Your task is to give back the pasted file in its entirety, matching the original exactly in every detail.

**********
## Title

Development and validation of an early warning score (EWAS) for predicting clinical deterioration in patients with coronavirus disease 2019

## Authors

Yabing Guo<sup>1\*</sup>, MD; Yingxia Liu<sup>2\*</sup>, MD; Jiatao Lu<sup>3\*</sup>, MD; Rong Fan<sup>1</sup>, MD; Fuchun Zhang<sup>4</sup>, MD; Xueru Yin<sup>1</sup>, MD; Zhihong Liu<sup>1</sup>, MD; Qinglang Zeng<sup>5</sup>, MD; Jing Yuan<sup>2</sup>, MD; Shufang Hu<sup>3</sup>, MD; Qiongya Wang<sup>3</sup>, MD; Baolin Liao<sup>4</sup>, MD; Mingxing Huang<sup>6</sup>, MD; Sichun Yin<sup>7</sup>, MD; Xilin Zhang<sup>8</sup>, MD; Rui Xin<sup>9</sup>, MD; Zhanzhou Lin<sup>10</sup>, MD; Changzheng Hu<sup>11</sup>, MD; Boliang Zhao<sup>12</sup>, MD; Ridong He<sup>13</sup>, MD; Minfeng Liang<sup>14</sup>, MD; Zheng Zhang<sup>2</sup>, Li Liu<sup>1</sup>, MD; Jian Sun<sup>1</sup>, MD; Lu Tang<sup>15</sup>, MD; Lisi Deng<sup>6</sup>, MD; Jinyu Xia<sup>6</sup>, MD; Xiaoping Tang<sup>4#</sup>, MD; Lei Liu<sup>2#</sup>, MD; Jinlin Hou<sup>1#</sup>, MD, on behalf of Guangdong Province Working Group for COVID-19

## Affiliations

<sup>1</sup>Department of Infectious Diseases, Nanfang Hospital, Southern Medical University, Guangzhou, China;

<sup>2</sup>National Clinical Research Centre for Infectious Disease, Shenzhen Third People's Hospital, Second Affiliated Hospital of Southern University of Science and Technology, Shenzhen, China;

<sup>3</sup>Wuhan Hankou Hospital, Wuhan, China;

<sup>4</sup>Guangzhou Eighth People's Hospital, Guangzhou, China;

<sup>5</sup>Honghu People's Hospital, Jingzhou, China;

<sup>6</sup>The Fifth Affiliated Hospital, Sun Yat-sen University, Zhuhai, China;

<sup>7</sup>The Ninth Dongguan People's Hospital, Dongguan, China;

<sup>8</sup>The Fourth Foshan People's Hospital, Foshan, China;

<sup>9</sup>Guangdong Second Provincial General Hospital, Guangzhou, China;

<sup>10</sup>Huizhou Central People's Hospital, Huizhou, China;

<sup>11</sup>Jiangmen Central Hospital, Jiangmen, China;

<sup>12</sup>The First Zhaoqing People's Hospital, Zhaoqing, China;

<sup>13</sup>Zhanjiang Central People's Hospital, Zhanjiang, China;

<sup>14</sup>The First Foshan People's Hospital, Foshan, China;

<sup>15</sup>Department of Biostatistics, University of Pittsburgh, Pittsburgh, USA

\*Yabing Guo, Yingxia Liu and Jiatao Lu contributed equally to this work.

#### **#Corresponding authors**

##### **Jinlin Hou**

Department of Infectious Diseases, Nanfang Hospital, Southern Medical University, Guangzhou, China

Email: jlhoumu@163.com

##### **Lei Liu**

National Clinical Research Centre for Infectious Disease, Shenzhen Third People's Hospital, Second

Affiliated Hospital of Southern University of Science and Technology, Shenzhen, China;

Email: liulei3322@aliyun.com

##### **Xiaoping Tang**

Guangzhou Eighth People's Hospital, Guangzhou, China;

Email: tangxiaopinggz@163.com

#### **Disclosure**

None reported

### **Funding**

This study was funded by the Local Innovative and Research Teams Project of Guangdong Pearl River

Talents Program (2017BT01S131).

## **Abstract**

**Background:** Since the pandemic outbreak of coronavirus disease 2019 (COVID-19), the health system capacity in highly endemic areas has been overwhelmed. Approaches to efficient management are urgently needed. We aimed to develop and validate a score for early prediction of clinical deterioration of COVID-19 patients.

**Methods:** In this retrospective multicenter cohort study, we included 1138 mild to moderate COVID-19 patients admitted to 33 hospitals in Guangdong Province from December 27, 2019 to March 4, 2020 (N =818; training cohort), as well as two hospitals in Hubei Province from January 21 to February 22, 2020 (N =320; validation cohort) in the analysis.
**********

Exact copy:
## Title

Development and validation of an early warning score (EWAS) for predicting clinical deterioration in patients with coronavirus disease 2019

## Authors

Yabing Guo<sup>1\*</sup>, MD; Yingxia Liu<sup>2\*</sup>, MD; Jiatao Lu<sup>3\*</sup>, MD; Rong Fan<sup>1</sup>, MD; Fuchun Zhang<sup>4</sup>, MD; Xueru Yin<sup>1</sup>, MD; Zhihong Liu<sup>1</sup>, MD; Qinglang Zeng<sup>5</sup>, MD; Jing Yuan<sup>2</sup>, MD; Shufang Hu<sup>3</sup>, MD; Qiongya Wang<sup>3</sup>, MD; Baolin Liao<sup>4</sup>, MD; Mingxing Huang<sup>6</sup>, MD; Sichun Yin<sup>7</sup>, MD; Xilin Zhang<sup>8</sup>, MD; Rui Xin<sup>9</sup>, MD; Zhanzhou Lin<sup>10</sup>, MD; Changzheng Hu<sup>11</sup>, MD; Boliang Zhao<sup>12</sup>, MD; Ridong He<sup>13</sup>, MD; Minfeng Liang<sup>14</sup>, MD; Zheng Zhang<sup>2</sup>, Li Liu<sup>1</sup>, MD; Jian Sun<sup>1</sup>, MD; Lu Tang<sup>15</sup>, MD; Lisi Deng<sup>6</sup>, MD; Jinyu Xia<sup>6</sup>, MD; Xiaoping Tang<sup>4#</sup>, MD; Lei Liu<sup>2#</sup>, MD; Jinlin Hou<sup>1#</sup>, MD, on behalf of Guangdong Province Working Group for COVID-19

## Affiliations

<sup>1</sup>Department of Infectious Diseases, Nanfang Hospital, Southern Medical University, Guangzhou, China;

<sup>2</sup>National Clinical Research Centre for Infectious Disease, Shenzhen Third People's Hospital, Second Affiliated Hospital of Southern University of Science and Technology, Shenzhen, China;

<sup>3</sup>Wuhan Hankou Hospital, Wuhan, China;

<sup>4</sup>Guangzhou Eighth People's Hospital, Guangzhou, China;

<sup>5</sup>Honghu People's Hospital, Jingzhou, China;

<sup>6</sup>The Fifth Affiliated Hospital, Sun Yat-sen University, Zhuhai, China;

<sup>7</sup>The Ninth Dongguan People's Hospital, Dongguan, China;

<sup>8</sup>The Fourth Foshan People's Hospital, Foshan, China;

<sup>9</sup>Guangdong Second Provincial General Hospital, Guangzhou, China;

<sup>10</sup>Huizhou Central People's Hospital, Huizhou, China;

<sup>11</sup>Jiangmen Central Hospital, Jiangmen, China;

<sup>12</sup>The First Zhaoqing People's Hospital, Zhaoqing, China;

<sup>13</sup>Zhanjiang Central People's Hospital, Zhanjiang, China;

<sup>14</sup>The First Foshan People's Hospital, Foshan, China;

<sup>15</sup>Department of Biostatistics, University of Pittsburgh, Pittsburgh, USA

\*Yabing Guo, Yingxia Liu and Jiatao Lu contributed equally to this work.

#### **#Corresponding authors**

##### **Jinlin Hou**

Department of Infectious Diseases, Nanfang Hospital, Southern Medical University, Guangzhou, China

Email: jlhoumu@163.com

##### **Lei Liu**

National Clinical Research Centre for Infectious Disease, Shenzhen Third People's Hospital, Second

Affiliated Hospital of Southern University of Science and Technology, Shenzhen, China;

Email: liulei3322@aliyun.com

##### **Xiaoping Tang**

Guangzhou Eighth People's Hospital, Guangzhou, China;

Email: tangxiaopinggz@163.com

#### **Disclosure**

None reported

### **Funding**

This study was funded by the Local Innovative and Research Teams Project of Guangdong Pearl River

Talents Program (2017BT01S131).

## **Abstract**

**Background:** Since the pandemic outbreak of coronavirus disease 2019 (COVID-19), the health system capacity in highly endemic areas has been overwhelmed. Approaches to efficient management are urgently needed. We aimed to develop and validate a score for early prediction of clinical deterioration of COVID-19 patients.

**Methods:** In this retrospective multicenter cohort study, we included 1138 mild to moderate COVID-19 patients admitted to 33 hospitals in Guangdong Province from December 27, 2019 to March 4, 2020 (N =818; training cohort), as well as two hospitals in Hubei Province from January 21 to February 22, 2020 (N =320; validation cohort) in the analysis.